Architect of Change of the Week: Nely Galan

nelygalan

This week, our Sunday Paper Q&A interview shined the spotlight on Architect of Change of the Week Nely Galan, a self-made media mogul, women’s empowerment advocate, immigrant and dynamic leader. Galan was the first female Latina president of a U.S. television network (Telemundo).

Galan now devotes her work to teaching other women how to become entrepreneurs. Her latest book, “Self Made: Becoming Empowered, Self Reliant, and Rich in Every Way,” is about becoming successful on your own terms.

Was there one particular moment in your life that motivated you to become “self made?”

Galan: Yes, in my first job as a young station manager of a television station at age 22. The job became my 24-hour-a-day life and I acted and felt as if the business was my own. One day, three years into the job, I walked into work to find out the station had been sold. I didn’t even know it was for sale. I felt like I had been cheated on and now I was being dumped by my love. Sadness turned to anger. I confronted my boss about my devastation only to hear the harsh words, “Go get your own chips! Go start your own business!”

I went home angry and frustrated and a couple of days later when my anger began to subside, I thought, “Why don’t I go get my own chips. I don’t ever want to feel this hurt again. I will never work for anyone again.” My boss did me a favor. That was the beginning of it all.

Your book is the culmination of nearly four years on the road of meeting and training women. What’s one story that especially resonated with you?

Galan: In the book one of my chapters is called, “In Your Pain Is Your Brand.” I met so many women on the road that had the worst things happen to them. For some, that pain paralyzed them but for most of the others, the pain had guided them to their mission and their success. There was one lady, Gloria in Utah, who took physical abuse from her husband and then created a trauma massage business which healed so many others. This woman turned her pain into profit and her mission.

As the daughter of immigrants, what did you learn from your parents that has informed your own journey?

Galan: My book is dedicated to my parents. As immigrants, they sacrificed so much to bring me to a country where I could have freedom of speech and all the possibilities in the world. I have never taken the privilege of being an American for granted. My parents taught me to be grateful, hardworking, patriotic to this country, humble and unentitled. I wrote a chapter in the book called “Think Like an Immigrant” because I feel those are the values that most people are hungry for, in order to find meaning and appreciation in what they do every day.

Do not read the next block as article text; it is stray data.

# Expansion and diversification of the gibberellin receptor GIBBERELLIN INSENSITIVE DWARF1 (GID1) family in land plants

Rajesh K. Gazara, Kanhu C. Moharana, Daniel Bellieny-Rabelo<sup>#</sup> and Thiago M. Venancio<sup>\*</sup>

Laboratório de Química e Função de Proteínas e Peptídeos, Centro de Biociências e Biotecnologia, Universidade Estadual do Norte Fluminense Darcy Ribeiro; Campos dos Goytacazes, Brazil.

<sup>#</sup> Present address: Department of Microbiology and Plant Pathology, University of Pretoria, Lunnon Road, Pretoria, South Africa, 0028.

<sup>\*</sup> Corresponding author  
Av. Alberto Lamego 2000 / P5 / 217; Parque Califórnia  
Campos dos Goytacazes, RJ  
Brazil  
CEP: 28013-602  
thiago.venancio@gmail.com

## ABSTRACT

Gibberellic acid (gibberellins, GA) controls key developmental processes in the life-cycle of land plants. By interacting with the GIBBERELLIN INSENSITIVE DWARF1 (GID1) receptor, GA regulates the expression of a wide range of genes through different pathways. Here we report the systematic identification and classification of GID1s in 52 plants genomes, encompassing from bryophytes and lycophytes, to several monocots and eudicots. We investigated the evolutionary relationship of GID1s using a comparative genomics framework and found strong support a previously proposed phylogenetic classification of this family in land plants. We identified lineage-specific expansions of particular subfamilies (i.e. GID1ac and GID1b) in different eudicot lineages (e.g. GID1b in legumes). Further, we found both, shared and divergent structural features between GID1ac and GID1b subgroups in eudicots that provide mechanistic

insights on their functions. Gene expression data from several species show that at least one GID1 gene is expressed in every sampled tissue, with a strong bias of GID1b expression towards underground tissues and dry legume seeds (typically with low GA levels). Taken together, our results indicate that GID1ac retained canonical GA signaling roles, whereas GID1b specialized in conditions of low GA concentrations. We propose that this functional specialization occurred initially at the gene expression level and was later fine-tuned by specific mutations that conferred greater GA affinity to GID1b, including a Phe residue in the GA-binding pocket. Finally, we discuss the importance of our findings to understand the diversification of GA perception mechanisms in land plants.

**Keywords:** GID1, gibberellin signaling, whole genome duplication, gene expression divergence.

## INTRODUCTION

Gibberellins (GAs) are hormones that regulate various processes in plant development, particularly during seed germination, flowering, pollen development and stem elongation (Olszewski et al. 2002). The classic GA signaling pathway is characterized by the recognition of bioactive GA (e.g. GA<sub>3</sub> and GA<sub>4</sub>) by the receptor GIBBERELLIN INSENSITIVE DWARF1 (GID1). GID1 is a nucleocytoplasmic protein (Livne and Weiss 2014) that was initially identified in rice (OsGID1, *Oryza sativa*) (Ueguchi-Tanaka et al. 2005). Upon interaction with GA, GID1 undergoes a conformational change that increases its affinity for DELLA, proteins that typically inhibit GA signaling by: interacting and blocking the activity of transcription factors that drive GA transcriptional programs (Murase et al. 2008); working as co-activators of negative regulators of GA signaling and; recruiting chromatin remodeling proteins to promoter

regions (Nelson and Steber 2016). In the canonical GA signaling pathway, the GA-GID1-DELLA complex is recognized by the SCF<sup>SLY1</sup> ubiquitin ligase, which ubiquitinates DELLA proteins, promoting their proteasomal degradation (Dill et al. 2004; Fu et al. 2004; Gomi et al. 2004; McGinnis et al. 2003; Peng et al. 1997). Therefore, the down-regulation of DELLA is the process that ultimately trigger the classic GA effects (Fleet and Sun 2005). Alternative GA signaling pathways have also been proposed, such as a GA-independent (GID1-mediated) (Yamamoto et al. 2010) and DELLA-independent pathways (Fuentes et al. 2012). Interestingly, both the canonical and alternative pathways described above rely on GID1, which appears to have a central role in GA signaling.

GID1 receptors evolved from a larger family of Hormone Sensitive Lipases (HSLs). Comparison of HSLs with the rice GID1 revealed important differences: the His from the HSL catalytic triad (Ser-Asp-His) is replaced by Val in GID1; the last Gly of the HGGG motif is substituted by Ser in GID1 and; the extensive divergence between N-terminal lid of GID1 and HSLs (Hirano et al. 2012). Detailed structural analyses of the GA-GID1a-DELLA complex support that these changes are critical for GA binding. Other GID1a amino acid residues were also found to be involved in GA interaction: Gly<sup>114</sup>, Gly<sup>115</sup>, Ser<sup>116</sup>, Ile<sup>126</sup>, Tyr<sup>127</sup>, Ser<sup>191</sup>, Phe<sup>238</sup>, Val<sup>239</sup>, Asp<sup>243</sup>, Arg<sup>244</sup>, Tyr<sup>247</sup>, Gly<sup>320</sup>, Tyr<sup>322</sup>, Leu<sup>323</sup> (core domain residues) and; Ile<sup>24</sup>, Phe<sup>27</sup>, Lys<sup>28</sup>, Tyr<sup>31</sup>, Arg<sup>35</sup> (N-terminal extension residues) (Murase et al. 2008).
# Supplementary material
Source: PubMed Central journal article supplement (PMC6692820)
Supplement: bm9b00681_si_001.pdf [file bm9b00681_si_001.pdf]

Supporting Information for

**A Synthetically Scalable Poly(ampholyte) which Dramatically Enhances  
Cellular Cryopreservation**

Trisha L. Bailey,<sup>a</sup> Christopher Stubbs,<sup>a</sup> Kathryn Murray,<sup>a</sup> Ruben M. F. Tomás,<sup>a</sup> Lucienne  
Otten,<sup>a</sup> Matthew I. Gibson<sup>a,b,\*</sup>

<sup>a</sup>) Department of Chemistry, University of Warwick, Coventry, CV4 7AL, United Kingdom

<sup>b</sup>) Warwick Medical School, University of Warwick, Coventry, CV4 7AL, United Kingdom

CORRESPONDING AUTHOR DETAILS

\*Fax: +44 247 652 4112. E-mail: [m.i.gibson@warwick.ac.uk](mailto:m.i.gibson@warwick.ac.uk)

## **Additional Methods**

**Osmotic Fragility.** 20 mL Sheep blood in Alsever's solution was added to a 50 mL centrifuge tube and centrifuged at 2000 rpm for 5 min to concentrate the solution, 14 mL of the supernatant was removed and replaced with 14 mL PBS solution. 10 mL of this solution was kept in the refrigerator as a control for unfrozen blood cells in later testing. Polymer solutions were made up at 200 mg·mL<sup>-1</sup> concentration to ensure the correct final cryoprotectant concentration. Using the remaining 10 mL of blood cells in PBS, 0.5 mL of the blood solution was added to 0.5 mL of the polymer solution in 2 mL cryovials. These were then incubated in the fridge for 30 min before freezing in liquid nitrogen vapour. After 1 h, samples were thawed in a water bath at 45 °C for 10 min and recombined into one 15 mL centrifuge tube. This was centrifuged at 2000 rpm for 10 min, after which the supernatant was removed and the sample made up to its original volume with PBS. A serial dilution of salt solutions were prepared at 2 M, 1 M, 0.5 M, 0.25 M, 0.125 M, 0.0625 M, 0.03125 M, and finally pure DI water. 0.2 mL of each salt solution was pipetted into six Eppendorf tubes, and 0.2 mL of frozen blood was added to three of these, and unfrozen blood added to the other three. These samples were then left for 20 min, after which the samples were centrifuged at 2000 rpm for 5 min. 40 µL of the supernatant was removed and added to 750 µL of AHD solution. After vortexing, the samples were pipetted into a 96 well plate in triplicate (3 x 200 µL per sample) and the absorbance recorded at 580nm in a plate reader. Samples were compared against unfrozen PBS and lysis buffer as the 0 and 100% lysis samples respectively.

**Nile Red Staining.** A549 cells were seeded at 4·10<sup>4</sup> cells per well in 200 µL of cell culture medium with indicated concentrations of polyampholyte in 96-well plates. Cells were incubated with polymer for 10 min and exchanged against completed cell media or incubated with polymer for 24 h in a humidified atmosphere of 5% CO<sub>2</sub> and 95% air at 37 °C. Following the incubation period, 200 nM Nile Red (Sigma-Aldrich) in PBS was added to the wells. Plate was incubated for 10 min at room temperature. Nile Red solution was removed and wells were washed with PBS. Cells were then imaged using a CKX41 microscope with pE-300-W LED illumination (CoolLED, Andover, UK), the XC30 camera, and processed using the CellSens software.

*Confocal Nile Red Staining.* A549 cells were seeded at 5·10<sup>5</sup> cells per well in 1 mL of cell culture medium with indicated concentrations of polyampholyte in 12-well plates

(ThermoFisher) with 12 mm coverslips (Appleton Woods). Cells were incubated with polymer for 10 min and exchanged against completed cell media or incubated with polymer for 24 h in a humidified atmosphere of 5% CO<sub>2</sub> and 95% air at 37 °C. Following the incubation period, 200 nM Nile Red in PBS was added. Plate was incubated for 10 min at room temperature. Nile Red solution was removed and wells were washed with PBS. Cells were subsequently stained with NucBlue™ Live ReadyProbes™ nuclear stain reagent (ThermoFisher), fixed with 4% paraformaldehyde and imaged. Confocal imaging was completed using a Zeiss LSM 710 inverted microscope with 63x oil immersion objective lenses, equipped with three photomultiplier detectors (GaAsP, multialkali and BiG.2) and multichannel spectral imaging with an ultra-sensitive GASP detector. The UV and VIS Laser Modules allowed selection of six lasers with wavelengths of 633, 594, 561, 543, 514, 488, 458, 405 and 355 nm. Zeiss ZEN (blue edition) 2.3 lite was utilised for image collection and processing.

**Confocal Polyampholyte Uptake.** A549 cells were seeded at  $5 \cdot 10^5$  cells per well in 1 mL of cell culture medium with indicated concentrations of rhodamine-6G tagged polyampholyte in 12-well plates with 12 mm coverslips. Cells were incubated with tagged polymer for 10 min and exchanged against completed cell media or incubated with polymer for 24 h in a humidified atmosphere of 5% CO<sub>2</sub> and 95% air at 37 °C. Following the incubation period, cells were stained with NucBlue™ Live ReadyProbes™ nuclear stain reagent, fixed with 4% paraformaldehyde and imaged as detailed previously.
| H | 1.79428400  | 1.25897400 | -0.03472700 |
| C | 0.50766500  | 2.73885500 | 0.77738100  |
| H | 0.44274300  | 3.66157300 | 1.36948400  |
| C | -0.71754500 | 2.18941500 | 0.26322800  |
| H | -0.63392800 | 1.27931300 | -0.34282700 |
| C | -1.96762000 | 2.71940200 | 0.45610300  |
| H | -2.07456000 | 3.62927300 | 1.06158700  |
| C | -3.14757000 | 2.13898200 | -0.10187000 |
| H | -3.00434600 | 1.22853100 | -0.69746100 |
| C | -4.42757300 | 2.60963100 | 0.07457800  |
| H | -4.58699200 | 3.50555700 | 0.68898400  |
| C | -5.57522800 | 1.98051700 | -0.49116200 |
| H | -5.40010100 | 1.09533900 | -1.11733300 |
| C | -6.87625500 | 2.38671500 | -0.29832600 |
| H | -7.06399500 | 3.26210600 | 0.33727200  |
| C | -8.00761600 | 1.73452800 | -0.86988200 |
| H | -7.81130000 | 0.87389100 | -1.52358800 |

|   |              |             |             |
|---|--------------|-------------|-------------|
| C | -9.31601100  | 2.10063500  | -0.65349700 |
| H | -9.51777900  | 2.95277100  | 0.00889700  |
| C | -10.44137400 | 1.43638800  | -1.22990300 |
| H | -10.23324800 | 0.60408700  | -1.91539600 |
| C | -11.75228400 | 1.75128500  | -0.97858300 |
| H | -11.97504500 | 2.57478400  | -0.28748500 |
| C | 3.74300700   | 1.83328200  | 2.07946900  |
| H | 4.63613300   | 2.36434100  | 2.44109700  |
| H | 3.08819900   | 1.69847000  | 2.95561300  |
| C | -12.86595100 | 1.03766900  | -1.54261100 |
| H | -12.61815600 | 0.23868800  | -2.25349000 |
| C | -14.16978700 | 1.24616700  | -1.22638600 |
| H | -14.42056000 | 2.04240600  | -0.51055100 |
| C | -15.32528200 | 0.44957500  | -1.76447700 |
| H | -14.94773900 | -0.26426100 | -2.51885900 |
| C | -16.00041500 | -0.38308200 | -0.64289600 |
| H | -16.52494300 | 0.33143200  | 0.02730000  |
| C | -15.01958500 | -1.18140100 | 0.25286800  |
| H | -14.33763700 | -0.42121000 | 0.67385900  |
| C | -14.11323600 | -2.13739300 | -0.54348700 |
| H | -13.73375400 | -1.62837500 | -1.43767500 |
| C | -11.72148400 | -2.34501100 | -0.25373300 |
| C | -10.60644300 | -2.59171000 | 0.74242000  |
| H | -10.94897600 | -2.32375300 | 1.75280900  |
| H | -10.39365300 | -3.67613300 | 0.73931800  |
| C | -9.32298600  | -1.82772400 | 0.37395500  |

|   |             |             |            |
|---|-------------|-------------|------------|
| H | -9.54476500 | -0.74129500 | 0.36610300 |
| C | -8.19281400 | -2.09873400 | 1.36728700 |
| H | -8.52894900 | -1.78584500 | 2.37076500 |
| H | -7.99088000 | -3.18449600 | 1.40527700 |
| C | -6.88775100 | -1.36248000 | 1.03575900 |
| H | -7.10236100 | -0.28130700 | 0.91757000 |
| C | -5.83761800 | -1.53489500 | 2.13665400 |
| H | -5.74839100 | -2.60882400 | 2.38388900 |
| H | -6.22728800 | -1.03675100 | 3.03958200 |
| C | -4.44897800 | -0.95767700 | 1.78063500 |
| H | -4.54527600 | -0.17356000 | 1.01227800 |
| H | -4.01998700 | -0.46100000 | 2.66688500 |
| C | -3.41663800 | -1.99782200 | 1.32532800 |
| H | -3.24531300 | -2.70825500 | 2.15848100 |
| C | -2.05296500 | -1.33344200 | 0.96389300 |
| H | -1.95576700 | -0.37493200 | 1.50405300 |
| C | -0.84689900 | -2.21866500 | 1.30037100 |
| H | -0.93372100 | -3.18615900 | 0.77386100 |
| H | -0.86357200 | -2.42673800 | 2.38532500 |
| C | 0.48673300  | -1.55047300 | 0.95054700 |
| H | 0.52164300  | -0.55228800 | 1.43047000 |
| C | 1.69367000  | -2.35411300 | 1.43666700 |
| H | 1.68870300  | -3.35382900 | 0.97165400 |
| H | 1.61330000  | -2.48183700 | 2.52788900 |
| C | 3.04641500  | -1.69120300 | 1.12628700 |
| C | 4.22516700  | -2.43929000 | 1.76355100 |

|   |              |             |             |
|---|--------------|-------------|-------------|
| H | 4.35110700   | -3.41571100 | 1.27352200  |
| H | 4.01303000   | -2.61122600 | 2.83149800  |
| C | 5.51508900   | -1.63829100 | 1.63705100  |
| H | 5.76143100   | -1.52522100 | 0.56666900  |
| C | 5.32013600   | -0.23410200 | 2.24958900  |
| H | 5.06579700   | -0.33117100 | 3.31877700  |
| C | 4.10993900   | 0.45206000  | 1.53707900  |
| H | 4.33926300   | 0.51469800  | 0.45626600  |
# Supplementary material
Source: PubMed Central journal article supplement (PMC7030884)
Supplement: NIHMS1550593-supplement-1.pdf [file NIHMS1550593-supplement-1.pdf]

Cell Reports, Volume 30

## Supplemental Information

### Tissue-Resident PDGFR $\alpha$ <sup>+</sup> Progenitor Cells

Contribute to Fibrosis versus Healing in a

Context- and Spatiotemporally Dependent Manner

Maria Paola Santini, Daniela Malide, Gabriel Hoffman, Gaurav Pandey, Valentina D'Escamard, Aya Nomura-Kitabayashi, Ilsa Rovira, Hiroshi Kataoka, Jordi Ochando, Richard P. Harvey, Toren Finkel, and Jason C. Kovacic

As a women’s empowerment advocate, what were your thoughts on the comments made about women made during the presidential debates? What do you think this election means for women overall?

Galan: Women in this country are at a crossroads. We are in the most powerful time in history for women. Multi-cultural women are the sleeping giant of the economy and Latinas in the U.S. are the number one emerging market in the world. All together, we are the number one consumers in the country and our vote can make or break a president. We have unlimited power and it’s time we use it. We cannot be silent. We have to be brave and we have to speak up when we are being offended. We need to take the power that so many women before us have fought for and that we are now inheriting. Our power to buy from companies that support us and our power to vote for politicians that we believe in are the greatest forces we have for leverage. This is a moment to unite, understand, put aside judgments and align with each other. We need to be the juggernaut that we can be. I am with her, I hope all of you will be too.

What will you be thinking about this upcoming week?

Galan: This year, writing my book Self Made and touring the country has been grueling. Another challenge, another climb. Life is never easy for women. But when I am feeling tired or grouchy, complaining over my schedule, I go online. I look up Hillary Clinton’s schedule. I see her daily calendar where (in spite of all her lifetime of achievements) she does five, seven or nine events per day, proving herself over and over, one speech at a time. I then get over my bad mood and realize if she can do it, I can do it and you can do it, too.

Nely is a true Architect of Change, helping create a more caring, conscious and compassionate community.

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